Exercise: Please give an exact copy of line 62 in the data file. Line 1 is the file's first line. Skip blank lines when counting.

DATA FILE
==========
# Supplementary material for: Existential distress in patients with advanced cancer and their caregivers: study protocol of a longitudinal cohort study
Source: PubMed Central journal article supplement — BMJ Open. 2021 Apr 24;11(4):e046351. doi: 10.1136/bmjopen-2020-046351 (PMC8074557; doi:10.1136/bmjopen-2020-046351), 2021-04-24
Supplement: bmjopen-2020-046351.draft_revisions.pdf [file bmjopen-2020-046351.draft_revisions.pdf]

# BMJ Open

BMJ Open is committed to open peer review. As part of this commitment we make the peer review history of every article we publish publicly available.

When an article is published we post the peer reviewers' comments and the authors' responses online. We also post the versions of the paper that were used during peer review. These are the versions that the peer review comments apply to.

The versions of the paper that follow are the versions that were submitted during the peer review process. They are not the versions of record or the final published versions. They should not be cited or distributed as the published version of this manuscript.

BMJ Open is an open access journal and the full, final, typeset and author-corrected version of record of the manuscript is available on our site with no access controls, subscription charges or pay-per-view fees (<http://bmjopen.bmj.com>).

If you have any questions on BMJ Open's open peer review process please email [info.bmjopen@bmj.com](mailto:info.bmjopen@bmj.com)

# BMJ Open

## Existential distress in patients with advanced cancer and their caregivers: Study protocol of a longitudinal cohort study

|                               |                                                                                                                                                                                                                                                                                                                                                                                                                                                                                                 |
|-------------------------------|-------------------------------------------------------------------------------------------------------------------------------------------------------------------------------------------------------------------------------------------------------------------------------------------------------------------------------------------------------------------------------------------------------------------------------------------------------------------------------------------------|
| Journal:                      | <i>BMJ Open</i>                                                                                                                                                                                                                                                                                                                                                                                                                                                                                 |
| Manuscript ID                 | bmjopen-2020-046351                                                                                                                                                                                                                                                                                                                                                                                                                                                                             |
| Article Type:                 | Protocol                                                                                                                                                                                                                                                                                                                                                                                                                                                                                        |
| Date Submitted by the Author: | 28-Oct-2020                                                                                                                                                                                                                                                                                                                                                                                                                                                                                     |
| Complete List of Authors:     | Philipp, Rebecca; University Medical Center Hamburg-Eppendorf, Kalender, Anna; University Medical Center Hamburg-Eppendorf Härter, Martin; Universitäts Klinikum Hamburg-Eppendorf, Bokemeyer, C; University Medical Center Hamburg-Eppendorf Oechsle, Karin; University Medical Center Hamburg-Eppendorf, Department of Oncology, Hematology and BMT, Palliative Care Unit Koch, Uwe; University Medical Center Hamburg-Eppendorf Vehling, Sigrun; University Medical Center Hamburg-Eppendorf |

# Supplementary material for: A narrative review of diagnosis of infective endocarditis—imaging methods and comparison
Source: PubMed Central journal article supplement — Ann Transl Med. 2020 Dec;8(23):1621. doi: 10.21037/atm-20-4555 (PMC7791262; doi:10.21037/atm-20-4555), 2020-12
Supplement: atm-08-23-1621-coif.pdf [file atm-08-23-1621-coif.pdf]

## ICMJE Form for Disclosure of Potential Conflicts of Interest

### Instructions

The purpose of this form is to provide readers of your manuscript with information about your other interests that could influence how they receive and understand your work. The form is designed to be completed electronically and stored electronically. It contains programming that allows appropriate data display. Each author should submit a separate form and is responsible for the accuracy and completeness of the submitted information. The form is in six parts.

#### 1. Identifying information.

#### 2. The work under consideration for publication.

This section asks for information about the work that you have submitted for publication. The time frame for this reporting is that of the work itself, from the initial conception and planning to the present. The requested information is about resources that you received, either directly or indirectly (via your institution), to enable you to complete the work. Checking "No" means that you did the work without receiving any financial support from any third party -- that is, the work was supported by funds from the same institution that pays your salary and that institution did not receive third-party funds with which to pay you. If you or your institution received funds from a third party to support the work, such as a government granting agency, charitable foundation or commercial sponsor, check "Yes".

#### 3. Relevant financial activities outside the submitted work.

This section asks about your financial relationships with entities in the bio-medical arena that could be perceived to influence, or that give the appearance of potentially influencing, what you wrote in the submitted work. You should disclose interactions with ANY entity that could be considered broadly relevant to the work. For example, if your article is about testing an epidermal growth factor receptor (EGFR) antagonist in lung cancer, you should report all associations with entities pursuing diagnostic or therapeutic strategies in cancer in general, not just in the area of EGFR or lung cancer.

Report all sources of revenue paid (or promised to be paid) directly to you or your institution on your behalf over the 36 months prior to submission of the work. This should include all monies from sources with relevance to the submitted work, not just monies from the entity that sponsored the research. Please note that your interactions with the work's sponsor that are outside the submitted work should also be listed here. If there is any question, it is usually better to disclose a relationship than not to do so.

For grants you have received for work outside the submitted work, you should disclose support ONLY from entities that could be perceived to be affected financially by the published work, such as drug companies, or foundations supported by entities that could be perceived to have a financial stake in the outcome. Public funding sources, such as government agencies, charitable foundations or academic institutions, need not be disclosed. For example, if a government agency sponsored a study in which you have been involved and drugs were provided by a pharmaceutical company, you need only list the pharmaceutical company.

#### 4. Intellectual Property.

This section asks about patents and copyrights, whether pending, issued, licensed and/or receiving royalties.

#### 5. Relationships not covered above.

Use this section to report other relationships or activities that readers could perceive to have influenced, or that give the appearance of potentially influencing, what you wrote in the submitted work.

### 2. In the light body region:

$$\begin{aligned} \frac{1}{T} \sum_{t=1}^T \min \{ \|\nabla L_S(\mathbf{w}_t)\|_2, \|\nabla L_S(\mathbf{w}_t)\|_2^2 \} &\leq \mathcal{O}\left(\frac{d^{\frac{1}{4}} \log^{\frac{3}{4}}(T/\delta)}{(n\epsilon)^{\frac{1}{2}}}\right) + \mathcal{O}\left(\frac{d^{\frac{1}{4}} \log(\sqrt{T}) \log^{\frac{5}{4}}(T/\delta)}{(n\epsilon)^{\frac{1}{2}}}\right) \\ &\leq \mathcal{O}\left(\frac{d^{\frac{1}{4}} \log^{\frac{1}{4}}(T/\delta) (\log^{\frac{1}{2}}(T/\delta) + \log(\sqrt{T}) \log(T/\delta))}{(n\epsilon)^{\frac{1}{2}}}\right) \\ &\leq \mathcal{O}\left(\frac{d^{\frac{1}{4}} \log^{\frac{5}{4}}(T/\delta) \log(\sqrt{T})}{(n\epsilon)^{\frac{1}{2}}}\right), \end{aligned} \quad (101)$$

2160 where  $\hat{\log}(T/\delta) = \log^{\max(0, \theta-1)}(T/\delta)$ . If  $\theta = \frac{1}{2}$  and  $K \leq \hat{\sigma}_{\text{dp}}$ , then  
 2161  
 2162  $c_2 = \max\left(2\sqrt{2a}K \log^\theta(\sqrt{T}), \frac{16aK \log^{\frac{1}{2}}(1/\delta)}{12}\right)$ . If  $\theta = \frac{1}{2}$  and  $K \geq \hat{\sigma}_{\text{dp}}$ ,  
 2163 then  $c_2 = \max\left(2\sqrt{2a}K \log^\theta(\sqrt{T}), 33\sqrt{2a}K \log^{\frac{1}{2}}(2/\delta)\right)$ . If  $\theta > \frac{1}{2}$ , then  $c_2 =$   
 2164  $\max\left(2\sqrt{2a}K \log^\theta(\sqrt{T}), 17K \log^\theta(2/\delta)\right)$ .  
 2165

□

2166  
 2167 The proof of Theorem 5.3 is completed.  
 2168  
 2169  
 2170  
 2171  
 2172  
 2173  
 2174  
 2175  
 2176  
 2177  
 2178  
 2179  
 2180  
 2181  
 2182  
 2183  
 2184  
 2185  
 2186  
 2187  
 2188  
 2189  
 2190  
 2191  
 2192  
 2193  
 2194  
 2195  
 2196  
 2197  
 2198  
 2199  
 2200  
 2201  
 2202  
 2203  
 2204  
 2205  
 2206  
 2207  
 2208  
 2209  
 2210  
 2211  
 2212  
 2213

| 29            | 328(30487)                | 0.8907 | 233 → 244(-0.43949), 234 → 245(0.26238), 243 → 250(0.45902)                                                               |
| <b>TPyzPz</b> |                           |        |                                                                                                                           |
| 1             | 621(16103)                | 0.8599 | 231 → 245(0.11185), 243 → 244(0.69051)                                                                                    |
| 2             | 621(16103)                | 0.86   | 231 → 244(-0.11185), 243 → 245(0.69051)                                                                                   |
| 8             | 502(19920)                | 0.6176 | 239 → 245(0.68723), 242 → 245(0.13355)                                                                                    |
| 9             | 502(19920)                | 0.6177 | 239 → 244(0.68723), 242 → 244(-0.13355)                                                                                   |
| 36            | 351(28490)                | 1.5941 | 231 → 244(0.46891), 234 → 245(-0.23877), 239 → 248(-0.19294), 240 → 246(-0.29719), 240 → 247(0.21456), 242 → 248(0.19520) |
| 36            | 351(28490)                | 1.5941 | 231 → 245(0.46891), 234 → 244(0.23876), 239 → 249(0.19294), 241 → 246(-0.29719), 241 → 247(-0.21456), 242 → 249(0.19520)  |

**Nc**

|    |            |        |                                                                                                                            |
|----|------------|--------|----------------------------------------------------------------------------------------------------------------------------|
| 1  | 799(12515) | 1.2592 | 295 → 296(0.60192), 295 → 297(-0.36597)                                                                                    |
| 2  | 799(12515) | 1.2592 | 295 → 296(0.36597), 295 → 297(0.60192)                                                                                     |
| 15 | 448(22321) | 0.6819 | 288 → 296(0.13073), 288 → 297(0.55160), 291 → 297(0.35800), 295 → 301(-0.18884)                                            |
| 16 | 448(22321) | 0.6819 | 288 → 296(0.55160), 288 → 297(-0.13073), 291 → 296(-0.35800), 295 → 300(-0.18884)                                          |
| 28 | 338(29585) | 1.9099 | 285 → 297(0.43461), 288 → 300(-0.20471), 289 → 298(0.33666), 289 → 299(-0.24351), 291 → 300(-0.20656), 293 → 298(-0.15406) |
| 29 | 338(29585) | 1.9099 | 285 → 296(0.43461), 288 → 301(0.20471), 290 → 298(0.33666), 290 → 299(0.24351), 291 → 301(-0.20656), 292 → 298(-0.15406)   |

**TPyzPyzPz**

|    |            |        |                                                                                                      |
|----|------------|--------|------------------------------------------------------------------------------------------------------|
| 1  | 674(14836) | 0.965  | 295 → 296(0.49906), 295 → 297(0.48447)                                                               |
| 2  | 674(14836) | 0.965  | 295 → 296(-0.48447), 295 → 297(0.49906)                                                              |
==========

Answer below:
 2183  